Penn-led Team Presents Results From Clinical Trial of Personalized Cellular Therapy in Brain Tumor Patients
Investigational “hunter” T cells expand in blood and traffic to glioblastoma tumors
This study was created from an interdisciplinary collaboration of neurosurgeons, neuro-oncologists, neuropathologists, immunologists and transfusion medical experts. Each played a key role in its development. They engineered immune cells to seek out and attack glioblastomas (GBM) in patients. During their study, they found that these engineered immune cells were found to have acceptable safety profiles and were able to successfully migrate and infiltrate tumors. “One of the main questions in the field of T cell therapies is: can we make this work in solid tumors?” Maus said. “The barriers to CAR T cells in solid tumors are identifying targets with acceptable safety profiles, proving that T cells can get out of the blood, and that they can successfully target the tumor cells expressing the antigen without being turned off by the tumor environment.” Click here to read more.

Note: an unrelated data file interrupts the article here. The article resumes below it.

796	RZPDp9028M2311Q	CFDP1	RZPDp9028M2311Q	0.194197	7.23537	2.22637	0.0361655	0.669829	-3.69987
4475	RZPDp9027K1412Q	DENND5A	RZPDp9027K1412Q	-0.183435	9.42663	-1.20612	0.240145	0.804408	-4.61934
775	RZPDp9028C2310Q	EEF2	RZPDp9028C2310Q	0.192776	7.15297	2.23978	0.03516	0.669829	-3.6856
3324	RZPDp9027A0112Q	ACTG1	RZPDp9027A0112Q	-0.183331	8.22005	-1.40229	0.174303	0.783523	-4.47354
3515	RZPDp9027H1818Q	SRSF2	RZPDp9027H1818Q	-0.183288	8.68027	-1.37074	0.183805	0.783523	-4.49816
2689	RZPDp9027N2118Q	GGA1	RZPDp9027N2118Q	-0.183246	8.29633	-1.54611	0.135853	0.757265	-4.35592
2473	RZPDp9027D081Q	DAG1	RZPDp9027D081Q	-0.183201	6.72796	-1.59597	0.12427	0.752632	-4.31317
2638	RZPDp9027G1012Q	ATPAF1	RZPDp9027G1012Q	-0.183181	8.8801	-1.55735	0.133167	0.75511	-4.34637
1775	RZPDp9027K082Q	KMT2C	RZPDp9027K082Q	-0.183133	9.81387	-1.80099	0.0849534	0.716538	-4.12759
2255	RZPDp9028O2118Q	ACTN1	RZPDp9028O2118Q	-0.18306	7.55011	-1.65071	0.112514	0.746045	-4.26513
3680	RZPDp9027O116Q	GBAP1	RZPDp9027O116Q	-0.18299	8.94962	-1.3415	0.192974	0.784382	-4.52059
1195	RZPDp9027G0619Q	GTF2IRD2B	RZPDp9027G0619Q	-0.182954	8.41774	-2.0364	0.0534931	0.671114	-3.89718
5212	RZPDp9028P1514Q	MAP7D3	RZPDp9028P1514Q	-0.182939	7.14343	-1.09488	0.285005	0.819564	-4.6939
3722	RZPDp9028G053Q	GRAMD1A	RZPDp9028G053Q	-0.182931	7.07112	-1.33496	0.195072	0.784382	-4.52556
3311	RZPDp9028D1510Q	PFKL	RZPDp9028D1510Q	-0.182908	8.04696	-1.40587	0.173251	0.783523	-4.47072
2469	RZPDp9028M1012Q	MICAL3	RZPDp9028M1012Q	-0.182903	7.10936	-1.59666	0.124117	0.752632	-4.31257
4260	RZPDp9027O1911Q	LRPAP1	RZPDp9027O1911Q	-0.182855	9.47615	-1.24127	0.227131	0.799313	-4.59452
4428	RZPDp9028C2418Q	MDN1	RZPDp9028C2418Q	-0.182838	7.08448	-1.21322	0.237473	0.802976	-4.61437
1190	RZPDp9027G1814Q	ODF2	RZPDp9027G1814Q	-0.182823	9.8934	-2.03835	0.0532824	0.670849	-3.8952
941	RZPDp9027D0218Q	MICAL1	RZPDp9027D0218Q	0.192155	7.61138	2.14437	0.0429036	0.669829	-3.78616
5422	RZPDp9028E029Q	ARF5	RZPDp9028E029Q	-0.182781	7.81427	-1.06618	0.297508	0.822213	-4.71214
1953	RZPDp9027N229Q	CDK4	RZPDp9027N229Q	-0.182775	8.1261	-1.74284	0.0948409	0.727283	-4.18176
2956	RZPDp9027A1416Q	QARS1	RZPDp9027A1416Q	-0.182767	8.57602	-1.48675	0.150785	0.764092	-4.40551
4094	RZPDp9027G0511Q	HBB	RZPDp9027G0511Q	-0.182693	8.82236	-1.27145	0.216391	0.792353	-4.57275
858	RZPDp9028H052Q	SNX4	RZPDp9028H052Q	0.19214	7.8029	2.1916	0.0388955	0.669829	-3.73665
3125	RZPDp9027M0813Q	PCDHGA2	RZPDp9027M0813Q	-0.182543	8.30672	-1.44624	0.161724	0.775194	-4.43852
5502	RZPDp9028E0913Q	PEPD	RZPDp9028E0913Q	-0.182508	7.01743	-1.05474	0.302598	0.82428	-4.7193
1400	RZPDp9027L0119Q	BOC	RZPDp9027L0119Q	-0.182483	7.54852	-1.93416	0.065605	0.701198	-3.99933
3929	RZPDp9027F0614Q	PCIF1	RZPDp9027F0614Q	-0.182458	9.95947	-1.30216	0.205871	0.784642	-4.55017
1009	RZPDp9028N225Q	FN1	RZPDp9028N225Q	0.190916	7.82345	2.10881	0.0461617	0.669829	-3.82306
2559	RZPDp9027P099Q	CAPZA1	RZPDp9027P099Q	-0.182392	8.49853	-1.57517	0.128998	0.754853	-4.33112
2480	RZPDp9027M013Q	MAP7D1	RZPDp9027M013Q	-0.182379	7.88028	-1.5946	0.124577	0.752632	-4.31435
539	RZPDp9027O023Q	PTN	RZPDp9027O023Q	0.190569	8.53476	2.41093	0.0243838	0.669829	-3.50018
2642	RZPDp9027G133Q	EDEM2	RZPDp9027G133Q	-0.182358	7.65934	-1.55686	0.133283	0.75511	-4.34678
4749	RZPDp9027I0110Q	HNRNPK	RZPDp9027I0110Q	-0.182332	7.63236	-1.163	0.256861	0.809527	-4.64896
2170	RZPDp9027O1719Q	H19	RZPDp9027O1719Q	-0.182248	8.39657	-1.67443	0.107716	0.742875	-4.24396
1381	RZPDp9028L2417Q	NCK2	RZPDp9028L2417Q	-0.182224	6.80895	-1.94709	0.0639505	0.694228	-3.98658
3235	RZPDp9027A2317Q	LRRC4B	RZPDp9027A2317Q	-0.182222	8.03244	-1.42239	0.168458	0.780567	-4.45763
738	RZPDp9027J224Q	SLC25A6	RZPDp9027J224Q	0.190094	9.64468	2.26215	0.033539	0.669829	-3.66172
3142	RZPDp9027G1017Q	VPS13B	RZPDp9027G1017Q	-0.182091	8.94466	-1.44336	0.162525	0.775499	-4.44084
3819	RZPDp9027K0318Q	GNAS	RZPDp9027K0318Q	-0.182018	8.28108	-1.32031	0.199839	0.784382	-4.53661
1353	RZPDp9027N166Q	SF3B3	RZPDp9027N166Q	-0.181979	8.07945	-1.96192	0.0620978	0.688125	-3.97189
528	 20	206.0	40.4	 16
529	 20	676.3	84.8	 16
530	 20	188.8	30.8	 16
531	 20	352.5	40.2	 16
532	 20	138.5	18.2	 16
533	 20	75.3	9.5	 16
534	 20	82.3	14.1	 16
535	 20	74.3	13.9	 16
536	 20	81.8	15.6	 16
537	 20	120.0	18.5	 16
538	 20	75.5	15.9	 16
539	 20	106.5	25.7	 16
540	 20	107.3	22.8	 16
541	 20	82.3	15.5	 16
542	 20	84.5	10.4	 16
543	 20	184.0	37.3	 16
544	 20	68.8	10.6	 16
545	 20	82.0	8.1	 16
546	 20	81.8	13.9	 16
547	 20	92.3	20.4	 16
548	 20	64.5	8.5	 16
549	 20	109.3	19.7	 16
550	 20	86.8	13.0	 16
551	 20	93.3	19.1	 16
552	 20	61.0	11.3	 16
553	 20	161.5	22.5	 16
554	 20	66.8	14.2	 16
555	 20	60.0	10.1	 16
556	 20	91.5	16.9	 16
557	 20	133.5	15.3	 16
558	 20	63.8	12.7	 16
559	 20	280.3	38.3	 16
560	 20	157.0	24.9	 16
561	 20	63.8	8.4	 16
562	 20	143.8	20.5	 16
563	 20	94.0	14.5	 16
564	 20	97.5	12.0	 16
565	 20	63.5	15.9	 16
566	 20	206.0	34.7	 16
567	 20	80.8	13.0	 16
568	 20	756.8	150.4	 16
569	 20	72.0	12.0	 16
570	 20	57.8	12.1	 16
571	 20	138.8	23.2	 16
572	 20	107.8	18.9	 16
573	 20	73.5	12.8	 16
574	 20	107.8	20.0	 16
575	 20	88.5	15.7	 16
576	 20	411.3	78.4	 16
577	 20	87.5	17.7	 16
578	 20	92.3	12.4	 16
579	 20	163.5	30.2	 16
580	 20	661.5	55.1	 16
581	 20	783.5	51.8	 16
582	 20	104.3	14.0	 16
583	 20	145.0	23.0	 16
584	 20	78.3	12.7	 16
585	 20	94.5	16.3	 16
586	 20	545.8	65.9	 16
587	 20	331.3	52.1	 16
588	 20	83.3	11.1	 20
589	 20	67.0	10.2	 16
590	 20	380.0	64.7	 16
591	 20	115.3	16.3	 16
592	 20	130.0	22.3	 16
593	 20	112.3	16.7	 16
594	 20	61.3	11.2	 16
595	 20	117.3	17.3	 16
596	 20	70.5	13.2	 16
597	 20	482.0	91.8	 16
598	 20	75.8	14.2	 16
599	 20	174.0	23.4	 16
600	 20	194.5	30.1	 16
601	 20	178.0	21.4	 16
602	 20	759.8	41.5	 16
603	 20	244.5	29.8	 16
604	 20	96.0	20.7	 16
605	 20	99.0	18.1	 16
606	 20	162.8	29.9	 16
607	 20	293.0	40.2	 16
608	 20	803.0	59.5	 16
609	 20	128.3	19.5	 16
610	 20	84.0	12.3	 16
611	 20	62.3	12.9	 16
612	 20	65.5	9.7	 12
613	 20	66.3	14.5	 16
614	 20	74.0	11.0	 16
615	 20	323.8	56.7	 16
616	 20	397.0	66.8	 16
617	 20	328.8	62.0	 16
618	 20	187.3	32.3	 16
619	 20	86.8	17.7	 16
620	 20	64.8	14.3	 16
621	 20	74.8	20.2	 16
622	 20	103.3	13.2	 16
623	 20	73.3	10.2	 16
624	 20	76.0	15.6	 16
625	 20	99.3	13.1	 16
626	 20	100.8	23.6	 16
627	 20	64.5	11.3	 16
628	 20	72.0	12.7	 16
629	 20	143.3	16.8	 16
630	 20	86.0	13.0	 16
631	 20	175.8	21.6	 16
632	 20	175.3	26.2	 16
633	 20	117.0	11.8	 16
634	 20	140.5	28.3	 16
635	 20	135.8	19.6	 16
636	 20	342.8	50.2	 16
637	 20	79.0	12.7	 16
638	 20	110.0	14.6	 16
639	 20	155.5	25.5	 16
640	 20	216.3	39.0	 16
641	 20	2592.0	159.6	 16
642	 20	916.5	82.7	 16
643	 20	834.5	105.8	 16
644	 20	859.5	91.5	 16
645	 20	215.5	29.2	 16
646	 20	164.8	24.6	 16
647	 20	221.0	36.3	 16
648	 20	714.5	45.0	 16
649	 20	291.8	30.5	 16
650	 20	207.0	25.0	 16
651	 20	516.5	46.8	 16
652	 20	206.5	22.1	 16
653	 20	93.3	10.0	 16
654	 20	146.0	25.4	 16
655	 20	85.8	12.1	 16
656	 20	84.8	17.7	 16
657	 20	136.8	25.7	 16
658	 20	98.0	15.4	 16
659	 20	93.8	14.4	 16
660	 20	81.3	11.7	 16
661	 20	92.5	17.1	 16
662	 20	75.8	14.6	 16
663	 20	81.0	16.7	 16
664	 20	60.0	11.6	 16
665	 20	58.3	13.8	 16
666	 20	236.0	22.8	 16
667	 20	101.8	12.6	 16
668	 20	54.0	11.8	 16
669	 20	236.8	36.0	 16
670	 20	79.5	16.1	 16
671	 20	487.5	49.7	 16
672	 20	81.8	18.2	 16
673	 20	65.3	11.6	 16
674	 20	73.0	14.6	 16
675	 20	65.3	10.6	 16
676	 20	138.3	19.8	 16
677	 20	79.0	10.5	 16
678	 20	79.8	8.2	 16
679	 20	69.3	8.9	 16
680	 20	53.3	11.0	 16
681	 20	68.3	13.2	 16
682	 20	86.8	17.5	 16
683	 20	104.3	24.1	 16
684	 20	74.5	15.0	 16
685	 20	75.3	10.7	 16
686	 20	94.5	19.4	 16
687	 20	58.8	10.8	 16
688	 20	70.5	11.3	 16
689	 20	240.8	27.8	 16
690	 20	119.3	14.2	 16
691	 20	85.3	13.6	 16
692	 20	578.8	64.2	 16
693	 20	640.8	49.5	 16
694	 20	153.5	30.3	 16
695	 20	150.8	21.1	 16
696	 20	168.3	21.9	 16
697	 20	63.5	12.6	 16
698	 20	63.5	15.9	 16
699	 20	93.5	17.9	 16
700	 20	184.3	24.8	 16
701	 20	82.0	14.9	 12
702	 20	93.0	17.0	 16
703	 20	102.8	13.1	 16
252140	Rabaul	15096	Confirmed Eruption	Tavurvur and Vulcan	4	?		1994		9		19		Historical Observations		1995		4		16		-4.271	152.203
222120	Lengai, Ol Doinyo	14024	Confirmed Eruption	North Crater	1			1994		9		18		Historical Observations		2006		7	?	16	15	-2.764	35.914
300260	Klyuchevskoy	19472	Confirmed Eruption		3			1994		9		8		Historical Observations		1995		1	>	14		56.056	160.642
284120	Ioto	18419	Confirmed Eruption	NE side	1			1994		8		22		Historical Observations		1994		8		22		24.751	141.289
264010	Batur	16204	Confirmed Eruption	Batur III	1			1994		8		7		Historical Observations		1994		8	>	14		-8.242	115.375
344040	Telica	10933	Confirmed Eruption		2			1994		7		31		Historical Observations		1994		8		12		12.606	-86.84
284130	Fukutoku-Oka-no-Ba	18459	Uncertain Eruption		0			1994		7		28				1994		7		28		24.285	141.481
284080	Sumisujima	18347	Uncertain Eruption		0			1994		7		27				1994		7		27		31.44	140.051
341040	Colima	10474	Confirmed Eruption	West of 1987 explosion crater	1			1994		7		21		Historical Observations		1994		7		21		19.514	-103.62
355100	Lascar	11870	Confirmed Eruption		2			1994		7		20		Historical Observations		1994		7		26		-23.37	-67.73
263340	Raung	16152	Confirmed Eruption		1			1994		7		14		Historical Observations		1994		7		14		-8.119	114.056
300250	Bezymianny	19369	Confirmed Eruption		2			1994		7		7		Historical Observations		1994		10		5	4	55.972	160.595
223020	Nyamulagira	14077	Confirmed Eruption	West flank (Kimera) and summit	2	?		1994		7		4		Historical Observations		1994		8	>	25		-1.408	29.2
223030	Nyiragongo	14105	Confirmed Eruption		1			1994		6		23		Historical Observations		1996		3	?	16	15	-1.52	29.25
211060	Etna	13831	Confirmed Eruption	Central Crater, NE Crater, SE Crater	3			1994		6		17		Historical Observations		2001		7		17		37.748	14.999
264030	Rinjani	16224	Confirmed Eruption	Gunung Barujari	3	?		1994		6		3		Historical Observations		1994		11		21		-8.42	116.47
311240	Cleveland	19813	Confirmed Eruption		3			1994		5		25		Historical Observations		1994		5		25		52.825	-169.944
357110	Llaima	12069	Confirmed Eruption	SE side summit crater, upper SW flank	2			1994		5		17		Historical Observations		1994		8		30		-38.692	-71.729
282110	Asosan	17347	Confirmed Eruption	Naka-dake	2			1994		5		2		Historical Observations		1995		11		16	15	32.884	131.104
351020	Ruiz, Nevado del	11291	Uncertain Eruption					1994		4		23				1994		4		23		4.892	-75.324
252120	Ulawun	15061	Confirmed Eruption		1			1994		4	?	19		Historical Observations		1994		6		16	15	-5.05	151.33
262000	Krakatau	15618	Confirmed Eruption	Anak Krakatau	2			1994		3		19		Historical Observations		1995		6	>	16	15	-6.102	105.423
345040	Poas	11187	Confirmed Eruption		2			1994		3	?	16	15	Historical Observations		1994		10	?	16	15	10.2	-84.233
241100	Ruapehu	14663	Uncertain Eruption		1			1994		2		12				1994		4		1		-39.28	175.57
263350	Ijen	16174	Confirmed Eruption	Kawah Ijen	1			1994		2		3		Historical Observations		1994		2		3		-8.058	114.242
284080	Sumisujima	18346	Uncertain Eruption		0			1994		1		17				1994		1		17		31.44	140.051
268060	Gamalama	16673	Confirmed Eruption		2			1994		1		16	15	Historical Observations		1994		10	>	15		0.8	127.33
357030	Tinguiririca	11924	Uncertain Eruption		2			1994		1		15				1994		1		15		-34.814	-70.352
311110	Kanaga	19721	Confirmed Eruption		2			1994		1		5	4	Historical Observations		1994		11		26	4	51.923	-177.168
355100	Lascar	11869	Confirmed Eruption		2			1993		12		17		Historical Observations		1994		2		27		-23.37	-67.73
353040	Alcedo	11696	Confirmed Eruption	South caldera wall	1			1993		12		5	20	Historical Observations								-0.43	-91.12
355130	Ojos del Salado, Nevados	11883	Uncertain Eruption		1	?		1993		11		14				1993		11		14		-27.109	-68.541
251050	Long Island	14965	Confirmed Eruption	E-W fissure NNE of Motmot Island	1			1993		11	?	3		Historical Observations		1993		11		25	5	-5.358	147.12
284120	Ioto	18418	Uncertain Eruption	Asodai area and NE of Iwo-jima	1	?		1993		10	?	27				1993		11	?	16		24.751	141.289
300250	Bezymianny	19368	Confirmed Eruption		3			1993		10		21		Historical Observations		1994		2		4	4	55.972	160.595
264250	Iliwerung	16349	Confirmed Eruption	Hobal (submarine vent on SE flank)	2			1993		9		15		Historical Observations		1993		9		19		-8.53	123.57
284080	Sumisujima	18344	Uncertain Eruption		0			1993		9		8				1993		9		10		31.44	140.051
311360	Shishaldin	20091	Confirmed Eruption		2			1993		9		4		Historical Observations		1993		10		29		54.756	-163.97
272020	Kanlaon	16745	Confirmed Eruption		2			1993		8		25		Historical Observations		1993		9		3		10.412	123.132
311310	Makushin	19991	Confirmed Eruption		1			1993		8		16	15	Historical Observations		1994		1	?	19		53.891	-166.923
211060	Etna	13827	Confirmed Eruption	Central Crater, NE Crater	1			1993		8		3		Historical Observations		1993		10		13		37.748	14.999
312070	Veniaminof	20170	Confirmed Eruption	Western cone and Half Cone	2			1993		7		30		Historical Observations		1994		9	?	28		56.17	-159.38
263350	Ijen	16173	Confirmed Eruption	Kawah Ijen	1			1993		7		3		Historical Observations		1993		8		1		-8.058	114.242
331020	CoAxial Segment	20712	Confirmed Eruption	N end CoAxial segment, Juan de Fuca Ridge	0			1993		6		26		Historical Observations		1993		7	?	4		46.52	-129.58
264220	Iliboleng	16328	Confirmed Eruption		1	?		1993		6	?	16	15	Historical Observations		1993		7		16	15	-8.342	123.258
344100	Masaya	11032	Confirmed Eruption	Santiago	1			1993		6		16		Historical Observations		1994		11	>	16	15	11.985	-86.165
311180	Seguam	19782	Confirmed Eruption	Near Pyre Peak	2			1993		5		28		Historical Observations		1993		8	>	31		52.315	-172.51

GOODMAN Oral Board Preparation Course Tumor
Nov. 1-3, 2017; Glendale, Ariz.
Washington University/St. Louis Children’s Comprehensive SEEG Course
Aug. 10-12, 2017; St. Louis
Tennessee Neurological Society Annual Meeting
Aug. 11-12, 2017; Nashville, Tenn.